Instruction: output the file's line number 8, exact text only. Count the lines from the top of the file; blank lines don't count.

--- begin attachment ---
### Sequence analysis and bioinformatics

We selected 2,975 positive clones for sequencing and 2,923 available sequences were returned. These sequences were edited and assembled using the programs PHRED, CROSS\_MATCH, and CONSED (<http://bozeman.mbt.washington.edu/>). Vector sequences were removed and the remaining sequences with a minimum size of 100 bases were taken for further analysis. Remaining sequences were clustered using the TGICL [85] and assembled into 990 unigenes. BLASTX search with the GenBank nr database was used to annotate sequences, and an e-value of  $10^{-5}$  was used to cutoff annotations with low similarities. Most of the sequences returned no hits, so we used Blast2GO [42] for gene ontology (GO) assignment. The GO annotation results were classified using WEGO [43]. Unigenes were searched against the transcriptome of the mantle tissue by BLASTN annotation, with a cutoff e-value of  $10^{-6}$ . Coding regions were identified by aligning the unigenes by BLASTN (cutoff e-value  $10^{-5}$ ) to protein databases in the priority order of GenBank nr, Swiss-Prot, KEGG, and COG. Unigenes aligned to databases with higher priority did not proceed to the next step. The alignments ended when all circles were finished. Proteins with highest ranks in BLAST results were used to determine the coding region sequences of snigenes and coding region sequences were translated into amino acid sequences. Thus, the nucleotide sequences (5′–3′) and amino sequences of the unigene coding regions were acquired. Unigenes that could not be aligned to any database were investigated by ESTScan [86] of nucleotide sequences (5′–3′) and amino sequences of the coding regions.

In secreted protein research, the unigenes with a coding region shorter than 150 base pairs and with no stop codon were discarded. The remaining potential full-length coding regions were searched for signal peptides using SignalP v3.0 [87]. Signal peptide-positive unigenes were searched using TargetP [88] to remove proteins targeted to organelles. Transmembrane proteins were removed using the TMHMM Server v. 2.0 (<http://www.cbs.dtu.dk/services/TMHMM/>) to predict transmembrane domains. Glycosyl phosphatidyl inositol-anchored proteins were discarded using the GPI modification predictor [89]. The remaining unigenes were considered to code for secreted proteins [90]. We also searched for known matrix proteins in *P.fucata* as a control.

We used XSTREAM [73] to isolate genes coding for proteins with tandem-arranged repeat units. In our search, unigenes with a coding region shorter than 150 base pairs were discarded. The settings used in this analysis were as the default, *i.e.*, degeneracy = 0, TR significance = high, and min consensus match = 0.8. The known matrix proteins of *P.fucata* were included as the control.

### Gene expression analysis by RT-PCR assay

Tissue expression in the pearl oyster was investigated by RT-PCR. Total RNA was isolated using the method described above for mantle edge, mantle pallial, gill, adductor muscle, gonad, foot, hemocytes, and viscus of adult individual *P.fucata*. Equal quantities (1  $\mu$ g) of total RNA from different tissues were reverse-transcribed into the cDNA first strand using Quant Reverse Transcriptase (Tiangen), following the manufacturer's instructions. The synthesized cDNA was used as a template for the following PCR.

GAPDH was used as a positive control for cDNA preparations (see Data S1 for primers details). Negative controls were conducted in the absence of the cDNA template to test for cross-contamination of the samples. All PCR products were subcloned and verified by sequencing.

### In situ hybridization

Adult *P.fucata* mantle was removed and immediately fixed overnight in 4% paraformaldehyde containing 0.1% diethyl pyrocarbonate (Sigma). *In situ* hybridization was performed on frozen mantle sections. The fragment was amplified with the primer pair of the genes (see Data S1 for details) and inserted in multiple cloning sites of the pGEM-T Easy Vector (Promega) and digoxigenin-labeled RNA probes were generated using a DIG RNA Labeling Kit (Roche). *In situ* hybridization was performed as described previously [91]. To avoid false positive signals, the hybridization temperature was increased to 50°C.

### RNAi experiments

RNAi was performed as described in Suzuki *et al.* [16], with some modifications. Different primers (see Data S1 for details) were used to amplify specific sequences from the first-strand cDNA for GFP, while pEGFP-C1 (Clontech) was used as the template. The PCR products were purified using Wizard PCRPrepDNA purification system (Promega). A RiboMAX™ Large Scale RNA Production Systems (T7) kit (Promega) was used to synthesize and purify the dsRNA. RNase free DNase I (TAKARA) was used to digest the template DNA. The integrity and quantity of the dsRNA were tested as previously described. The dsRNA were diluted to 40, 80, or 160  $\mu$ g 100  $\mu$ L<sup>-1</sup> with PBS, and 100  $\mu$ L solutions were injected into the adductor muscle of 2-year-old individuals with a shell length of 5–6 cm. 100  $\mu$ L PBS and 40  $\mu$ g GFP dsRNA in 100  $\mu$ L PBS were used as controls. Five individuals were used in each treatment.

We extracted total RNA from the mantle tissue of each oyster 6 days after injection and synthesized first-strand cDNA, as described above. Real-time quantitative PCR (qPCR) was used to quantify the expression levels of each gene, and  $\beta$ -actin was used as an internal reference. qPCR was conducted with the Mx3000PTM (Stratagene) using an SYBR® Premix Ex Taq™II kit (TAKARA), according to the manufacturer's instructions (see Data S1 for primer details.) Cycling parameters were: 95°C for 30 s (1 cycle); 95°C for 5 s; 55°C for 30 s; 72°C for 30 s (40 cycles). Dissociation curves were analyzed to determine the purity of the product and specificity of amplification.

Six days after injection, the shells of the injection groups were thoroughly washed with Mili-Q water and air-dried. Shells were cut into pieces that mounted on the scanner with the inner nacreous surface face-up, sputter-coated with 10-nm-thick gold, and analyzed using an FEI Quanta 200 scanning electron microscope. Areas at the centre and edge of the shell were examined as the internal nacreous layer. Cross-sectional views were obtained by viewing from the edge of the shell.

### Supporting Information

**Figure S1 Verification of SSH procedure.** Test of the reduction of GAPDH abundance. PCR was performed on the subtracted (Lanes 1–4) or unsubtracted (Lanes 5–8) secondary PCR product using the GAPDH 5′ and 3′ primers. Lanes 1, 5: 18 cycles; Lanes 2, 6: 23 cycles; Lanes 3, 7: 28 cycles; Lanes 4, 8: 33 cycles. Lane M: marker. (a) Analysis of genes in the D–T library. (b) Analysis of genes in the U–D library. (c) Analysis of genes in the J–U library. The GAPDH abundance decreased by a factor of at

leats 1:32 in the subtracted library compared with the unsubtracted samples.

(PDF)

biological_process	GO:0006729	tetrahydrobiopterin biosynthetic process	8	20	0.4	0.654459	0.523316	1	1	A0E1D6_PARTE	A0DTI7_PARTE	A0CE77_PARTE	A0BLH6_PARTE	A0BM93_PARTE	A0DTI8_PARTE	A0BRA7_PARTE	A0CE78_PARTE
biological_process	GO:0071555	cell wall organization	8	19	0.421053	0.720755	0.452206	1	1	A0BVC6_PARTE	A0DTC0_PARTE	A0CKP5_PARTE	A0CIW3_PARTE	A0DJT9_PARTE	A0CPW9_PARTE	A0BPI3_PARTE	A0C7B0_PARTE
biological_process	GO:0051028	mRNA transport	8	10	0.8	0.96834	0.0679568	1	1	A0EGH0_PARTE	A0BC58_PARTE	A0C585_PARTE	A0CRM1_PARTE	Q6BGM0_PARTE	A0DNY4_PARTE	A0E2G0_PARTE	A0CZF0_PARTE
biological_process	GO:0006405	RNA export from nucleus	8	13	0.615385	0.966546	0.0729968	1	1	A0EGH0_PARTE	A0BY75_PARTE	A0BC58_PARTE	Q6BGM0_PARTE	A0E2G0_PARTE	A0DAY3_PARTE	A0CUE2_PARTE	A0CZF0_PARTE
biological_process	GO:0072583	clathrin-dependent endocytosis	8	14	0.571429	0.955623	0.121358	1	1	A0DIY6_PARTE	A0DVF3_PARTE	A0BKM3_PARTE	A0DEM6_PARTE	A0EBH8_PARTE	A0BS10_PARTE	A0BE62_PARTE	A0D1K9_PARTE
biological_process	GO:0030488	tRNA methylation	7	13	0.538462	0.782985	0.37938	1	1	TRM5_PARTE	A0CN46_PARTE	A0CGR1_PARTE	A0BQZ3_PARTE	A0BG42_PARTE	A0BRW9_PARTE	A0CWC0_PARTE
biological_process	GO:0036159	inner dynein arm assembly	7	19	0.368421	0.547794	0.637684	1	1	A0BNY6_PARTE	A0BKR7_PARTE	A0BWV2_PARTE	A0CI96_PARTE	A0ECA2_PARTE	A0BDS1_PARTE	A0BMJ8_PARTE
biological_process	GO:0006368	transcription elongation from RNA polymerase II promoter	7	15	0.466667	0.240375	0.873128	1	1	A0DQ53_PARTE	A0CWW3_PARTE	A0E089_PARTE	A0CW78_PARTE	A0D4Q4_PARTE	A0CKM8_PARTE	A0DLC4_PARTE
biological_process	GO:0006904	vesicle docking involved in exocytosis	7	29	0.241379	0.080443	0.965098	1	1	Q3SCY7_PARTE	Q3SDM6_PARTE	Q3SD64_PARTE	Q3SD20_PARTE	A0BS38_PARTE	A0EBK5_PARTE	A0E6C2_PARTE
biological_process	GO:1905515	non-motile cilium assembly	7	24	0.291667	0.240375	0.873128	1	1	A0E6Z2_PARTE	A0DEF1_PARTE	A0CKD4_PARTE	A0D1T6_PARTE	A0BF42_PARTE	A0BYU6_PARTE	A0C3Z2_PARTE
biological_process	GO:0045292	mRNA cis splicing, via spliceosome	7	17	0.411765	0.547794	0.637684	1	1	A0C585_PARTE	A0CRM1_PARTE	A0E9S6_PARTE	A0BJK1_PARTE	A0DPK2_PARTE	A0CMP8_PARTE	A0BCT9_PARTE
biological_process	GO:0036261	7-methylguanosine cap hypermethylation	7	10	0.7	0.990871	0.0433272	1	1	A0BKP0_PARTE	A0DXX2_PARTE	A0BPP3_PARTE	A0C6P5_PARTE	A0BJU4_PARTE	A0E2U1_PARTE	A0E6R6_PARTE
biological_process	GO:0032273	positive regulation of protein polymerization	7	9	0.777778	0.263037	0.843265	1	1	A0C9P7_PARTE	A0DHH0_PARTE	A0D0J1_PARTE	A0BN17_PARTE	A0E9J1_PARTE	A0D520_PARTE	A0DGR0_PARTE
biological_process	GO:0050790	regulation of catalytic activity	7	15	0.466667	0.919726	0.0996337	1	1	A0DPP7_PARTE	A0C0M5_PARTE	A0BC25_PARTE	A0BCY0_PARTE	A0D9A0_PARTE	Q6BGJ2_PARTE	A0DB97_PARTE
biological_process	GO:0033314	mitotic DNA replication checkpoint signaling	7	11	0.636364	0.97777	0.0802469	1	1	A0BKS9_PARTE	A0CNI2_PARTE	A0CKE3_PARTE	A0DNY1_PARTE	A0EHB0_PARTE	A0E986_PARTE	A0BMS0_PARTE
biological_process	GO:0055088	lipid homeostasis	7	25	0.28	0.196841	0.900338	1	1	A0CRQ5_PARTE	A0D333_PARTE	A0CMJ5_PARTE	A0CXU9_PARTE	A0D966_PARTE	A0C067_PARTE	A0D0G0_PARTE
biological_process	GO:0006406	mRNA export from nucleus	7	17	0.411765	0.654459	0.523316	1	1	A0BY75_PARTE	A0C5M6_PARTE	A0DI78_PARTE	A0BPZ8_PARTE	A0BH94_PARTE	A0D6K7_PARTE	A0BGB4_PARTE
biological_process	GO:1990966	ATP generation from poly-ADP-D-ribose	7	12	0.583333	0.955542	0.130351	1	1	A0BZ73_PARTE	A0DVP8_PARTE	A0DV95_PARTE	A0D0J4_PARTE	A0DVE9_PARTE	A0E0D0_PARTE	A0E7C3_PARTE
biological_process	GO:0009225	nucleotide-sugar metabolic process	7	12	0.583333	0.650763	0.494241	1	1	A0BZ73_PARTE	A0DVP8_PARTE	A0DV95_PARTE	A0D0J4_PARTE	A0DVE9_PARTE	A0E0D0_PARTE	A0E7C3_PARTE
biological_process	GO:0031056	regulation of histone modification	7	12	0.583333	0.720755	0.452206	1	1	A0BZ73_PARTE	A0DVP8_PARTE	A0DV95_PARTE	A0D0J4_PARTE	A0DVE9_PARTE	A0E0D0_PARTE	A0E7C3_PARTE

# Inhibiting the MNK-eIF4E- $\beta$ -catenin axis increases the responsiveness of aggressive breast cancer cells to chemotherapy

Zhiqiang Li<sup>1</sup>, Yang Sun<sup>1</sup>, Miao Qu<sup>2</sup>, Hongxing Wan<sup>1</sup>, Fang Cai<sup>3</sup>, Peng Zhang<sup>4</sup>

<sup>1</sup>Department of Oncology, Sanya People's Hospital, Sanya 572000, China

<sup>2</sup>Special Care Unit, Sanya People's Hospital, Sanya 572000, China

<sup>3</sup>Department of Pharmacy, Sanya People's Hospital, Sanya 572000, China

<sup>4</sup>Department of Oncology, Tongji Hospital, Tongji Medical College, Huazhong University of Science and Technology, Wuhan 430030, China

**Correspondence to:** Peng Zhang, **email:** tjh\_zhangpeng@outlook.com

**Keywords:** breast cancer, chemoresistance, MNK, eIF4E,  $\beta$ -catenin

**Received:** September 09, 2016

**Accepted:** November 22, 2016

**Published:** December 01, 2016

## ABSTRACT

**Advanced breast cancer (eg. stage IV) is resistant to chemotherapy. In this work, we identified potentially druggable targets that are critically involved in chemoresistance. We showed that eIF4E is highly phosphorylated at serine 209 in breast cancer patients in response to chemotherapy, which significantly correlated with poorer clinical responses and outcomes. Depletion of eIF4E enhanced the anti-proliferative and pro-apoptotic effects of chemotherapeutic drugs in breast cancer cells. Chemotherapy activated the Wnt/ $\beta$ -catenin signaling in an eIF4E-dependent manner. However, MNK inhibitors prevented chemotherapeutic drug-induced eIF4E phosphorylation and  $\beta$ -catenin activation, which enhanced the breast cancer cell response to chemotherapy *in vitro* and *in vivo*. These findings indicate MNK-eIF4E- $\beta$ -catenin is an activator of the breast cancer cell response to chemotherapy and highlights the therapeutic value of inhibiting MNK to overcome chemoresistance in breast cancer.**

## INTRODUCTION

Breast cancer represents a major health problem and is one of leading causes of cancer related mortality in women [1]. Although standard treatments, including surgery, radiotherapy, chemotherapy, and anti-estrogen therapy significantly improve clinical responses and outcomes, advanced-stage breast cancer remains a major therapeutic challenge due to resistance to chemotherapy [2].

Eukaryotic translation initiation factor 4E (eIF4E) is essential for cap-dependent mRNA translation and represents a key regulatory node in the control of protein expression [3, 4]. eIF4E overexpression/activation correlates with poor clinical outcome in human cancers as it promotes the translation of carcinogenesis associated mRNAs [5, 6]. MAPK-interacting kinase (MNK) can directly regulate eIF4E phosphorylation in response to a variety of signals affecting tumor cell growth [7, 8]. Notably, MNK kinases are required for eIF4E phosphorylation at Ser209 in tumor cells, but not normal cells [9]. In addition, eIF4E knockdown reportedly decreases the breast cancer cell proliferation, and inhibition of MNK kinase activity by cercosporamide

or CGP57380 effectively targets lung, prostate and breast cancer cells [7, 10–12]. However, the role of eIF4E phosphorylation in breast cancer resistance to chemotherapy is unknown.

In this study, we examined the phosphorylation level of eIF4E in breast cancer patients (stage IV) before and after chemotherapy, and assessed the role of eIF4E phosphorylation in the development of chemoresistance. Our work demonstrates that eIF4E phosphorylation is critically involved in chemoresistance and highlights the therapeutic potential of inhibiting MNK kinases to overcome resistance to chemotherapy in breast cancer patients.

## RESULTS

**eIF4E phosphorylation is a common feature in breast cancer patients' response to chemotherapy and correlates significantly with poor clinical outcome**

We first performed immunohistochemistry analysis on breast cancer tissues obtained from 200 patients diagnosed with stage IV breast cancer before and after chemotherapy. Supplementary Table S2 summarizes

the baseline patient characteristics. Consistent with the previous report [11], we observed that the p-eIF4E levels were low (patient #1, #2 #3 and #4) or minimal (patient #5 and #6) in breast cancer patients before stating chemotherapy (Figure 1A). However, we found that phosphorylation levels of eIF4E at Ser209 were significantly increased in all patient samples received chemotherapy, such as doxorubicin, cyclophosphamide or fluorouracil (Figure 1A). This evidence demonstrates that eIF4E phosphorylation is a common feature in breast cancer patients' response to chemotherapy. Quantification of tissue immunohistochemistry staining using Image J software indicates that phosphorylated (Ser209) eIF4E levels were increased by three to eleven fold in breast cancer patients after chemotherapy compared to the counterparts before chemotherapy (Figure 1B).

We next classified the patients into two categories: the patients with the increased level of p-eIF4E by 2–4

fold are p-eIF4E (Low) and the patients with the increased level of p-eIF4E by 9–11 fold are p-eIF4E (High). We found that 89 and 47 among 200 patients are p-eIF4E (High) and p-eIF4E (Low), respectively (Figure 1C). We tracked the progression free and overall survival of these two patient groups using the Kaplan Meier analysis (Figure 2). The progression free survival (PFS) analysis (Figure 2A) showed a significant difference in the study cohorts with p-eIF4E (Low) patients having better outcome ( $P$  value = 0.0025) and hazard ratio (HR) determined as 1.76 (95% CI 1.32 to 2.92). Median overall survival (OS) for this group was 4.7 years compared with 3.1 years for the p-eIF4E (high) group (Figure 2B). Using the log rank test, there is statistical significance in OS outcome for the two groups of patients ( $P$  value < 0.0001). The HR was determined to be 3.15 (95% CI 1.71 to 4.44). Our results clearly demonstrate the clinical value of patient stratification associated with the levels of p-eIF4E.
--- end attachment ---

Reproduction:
### In situ hybridization